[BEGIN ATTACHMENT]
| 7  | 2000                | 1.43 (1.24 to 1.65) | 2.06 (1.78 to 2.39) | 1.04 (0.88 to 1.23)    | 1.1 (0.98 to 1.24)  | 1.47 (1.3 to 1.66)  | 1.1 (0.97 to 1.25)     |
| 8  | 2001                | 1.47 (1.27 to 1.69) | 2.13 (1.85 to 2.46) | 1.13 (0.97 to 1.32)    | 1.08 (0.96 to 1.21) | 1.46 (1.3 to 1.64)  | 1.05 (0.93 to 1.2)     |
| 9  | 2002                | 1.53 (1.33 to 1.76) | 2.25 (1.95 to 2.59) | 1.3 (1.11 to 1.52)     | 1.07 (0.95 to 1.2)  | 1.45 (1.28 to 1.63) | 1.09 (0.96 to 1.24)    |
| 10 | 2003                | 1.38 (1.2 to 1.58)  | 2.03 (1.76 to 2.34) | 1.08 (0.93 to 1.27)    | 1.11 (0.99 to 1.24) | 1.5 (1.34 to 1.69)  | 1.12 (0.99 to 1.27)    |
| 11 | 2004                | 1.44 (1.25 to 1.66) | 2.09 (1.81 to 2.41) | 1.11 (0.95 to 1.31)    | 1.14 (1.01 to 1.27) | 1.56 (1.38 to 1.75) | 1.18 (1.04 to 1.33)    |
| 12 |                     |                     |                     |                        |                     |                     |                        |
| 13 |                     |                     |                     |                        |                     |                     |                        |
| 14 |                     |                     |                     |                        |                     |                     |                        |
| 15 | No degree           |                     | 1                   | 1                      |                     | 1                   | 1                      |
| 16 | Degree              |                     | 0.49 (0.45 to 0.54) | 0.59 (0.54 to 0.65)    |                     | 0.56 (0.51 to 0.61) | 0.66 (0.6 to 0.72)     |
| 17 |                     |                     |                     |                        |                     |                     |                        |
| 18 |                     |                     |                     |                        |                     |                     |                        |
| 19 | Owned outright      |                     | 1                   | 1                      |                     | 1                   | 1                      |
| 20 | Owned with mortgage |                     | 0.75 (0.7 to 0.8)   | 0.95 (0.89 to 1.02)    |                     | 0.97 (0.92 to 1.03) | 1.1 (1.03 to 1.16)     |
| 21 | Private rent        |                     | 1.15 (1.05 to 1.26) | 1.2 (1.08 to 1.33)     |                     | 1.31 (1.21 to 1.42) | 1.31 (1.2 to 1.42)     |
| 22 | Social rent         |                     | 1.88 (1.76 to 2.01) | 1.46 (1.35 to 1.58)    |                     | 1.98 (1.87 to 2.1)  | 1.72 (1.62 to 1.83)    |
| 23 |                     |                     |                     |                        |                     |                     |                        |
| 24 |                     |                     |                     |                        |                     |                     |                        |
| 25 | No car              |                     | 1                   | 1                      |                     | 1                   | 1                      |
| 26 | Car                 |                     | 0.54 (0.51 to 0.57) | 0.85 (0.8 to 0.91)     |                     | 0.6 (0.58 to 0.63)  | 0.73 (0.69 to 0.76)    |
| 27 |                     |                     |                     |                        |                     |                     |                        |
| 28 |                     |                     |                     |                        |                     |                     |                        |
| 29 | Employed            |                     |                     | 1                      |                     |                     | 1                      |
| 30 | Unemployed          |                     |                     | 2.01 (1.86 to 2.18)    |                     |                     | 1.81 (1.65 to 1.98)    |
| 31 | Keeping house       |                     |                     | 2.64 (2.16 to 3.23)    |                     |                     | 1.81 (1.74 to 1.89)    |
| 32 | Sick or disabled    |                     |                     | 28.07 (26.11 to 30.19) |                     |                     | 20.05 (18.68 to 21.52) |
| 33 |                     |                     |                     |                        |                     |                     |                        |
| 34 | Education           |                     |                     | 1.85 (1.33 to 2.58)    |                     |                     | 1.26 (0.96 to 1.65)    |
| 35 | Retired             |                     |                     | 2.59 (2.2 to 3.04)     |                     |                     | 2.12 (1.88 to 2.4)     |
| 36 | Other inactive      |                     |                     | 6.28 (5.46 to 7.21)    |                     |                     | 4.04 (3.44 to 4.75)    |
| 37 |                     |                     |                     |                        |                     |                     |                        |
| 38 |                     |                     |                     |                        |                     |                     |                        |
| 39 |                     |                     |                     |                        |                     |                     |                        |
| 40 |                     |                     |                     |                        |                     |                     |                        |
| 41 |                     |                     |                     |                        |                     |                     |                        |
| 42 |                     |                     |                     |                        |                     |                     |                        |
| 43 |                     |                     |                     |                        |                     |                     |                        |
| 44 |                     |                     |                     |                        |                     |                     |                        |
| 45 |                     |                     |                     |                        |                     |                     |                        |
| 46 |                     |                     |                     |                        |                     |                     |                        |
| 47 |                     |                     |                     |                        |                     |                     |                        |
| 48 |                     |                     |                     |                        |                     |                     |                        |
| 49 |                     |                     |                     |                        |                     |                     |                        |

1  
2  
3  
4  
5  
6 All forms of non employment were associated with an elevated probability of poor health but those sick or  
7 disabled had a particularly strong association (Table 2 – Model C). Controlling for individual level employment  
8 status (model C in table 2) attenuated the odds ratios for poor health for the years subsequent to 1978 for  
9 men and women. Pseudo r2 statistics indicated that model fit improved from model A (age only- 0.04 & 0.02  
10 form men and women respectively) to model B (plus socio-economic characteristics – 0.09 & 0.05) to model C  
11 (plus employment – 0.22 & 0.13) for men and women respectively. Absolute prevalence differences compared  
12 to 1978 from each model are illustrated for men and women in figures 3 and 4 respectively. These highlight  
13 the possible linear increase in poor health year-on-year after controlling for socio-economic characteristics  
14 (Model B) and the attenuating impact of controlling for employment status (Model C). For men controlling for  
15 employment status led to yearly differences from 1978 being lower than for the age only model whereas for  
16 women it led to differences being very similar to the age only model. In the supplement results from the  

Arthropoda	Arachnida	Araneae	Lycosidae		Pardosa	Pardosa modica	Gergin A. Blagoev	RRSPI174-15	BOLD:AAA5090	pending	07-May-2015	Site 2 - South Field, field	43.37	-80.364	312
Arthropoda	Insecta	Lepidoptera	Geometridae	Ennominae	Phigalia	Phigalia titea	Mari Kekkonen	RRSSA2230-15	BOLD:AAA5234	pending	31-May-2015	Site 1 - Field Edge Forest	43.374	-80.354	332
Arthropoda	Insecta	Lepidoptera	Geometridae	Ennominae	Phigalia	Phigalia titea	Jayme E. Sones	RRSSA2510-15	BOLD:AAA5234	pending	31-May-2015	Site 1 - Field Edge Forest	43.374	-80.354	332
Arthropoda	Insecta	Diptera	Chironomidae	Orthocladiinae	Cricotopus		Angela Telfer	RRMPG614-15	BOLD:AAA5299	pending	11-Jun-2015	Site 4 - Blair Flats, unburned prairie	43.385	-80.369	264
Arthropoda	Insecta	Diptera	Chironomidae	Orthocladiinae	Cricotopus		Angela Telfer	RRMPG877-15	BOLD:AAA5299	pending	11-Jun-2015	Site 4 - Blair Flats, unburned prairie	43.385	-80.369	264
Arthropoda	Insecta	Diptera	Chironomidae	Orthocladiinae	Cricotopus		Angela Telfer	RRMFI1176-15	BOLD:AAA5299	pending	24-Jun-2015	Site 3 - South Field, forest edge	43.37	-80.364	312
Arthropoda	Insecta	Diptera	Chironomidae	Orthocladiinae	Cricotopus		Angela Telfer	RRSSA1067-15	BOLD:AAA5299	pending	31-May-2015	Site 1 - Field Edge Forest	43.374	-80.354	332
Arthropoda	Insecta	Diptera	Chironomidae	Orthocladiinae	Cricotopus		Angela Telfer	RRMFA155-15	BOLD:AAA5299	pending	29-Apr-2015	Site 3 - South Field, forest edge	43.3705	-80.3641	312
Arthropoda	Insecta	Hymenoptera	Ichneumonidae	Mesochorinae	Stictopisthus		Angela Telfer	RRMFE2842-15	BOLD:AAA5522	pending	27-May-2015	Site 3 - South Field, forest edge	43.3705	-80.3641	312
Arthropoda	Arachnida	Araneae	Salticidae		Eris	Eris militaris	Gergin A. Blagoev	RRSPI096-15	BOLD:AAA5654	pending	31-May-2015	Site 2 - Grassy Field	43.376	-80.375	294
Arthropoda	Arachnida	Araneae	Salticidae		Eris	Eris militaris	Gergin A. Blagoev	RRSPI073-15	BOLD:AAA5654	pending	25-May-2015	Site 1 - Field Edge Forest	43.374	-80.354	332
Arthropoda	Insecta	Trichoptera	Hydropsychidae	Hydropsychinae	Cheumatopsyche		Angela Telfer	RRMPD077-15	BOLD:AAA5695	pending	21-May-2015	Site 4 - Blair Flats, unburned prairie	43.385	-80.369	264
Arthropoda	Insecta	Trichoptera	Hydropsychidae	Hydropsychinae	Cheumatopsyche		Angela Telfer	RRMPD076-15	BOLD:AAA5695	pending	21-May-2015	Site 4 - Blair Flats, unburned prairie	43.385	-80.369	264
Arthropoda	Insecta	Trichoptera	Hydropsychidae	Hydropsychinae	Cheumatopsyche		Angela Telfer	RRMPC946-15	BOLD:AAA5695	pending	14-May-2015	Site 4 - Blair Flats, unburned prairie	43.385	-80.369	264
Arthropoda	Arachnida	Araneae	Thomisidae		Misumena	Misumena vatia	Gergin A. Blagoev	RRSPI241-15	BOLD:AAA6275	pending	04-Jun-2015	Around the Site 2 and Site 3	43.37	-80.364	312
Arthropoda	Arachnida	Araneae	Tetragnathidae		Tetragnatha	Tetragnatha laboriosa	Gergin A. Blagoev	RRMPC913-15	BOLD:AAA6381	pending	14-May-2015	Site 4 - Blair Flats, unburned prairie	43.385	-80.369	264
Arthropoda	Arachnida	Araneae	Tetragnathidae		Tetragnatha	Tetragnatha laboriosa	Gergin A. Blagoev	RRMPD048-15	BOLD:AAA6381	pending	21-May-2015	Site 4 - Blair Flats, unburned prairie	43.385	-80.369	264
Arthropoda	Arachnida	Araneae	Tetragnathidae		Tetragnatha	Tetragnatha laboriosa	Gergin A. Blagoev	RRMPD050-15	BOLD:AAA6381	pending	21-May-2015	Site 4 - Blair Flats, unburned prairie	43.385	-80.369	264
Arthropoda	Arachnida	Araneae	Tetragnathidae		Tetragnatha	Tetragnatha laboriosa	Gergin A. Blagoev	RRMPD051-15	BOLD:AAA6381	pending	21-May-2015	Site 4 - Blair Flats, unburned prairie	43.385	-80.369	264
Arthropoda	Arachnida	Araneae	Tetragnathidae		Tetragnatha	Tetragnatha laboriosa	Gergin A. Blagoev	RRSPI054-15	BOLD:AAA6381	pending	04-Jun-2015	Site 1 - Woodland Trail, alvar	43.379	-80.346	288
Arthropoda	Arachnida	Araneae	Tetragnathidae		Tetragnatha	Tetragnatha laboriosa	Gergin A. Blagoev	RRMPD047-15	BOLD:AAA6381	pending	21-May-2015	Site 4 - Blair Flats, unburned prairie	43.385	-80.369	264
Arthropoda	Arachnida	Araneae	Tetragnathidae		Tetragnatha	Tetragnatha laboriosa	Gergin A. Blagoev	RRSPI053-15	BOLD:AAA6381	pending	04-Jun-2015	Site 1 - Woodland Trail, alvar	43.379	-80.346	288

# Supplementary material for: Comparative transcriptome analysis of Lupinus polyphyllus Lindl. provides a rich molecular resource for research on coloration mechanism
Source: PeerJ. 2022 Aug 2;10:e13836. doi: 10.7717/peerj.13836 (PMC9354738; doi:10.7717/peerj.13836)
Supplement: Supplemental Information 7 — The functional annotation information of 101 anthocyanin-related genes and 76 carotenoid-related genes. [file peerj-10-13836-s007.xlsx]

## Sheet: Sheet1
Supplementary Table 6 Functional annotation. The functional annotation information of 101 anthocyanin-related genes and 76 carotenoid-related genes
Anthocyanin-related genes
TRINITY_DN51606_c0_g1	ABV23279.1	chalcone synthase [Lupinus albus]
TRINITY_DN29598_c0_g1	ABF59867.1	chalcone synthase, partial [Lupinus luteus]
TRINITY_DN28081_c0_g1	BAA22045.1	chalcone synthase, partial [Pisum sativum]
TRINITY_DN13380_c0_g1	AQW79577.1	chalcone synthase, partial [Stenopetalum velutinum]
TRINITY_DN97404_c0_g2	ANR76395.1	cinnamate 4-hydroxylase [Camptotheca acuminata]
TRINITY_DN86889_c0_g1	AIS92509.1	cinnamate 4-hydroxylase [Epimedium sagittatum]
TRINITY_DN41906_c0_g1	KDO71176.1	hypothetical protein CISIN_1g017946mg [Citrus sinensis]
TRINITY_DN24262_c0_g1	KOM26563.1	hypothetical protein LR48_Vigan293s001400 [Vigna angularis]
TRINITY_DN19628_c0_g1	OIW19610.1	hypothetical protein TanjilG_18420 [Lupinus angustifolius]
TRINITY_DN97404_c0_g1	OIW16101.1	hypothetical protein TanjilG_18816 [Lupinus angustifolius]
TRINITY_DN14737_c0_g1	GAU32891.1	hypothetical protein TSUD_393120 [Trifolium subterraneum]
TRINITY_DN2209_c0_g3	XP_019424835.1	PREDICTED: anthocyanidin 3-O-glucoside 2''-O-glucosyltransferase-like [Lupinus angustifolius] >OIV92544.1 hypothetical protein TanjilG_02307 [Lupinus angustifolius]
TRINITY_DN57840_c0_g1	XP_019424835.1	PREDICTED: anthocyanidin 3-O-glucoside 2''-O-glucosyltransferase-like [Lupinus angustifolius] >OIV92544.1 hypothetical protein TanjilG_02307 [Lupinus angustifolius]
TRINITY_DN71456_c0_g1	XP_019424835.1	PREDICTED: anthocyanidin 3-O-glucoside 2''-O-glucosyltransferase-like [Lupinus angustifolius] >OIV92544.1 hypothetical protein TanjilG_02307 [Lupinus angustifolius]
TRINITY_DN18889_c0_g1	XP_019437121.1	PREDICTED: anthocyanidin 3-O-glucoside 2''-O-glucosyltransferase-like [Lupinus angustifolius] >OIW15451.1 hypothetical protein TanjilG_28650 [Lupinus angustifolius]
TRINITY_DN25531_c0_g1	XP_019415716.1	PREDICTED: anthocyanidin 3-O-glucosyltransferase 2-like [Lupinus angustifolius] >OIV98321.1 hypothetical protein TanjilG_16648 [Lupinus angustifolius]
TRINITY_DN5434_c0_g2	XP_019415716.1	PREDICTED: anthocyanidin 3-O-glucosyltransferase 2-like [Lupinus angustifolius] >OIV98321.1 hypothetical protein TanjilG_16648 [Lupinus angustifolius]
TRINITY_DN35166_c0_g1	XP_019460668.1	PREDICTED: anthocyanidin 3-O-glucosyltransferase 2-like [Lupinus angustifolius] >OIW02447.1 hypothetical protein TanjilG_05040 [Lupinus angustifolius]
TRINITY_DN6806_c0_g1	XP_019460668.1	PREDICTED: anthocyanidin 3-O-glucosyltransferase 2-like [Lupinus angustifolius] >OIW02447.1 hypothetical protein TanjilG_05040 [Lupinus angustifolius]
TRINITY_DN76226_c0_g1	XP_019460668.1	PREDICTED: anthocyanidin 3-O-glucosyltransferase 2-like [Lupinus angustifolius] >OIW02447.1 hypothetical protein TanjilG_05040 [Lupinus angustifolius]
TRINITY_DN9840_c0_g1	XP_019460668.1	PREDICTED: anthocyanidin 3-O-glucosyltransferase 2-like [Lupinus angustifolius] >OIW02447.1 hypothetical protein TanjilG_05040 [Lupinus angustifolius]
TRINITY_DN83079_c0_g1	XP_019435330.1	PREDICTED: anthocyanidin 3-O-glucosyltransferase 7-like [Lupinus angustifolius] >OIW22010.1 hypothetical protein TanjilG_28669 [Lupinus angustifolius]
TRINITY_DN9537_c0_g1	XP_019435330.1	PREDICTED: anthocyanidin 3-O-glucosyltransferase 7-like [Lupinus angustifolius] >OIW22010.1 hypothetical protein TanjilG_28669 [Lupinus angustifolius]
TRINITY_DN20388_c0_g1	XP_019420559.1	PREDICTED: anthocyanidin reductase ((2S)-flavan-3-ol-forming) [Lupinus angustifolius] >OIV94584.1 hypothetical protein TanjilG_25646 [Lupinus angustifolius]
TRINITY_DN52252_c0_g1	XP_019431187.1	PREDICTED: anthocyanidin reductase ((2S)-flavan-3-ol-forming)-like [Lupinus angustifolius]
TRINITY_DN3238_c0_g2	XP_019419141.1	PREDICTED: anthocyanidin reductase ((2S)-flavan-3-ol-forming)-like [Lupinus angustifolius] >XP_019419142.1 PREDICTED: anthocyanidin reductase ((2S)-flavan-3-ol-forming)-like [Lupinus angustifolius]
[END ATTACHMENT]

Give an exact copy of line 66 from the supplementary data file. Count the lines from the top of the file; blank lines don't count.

Arthropoda	Insecta	Diptera	Chironomidae	Orthocladiinae	Cricotopus		Angela Telfer	RRSSA1067-15	BOLD:AAA5299	pending	31-May-2015	Site 1 - Field Edge Forest	43.374	-80.354	332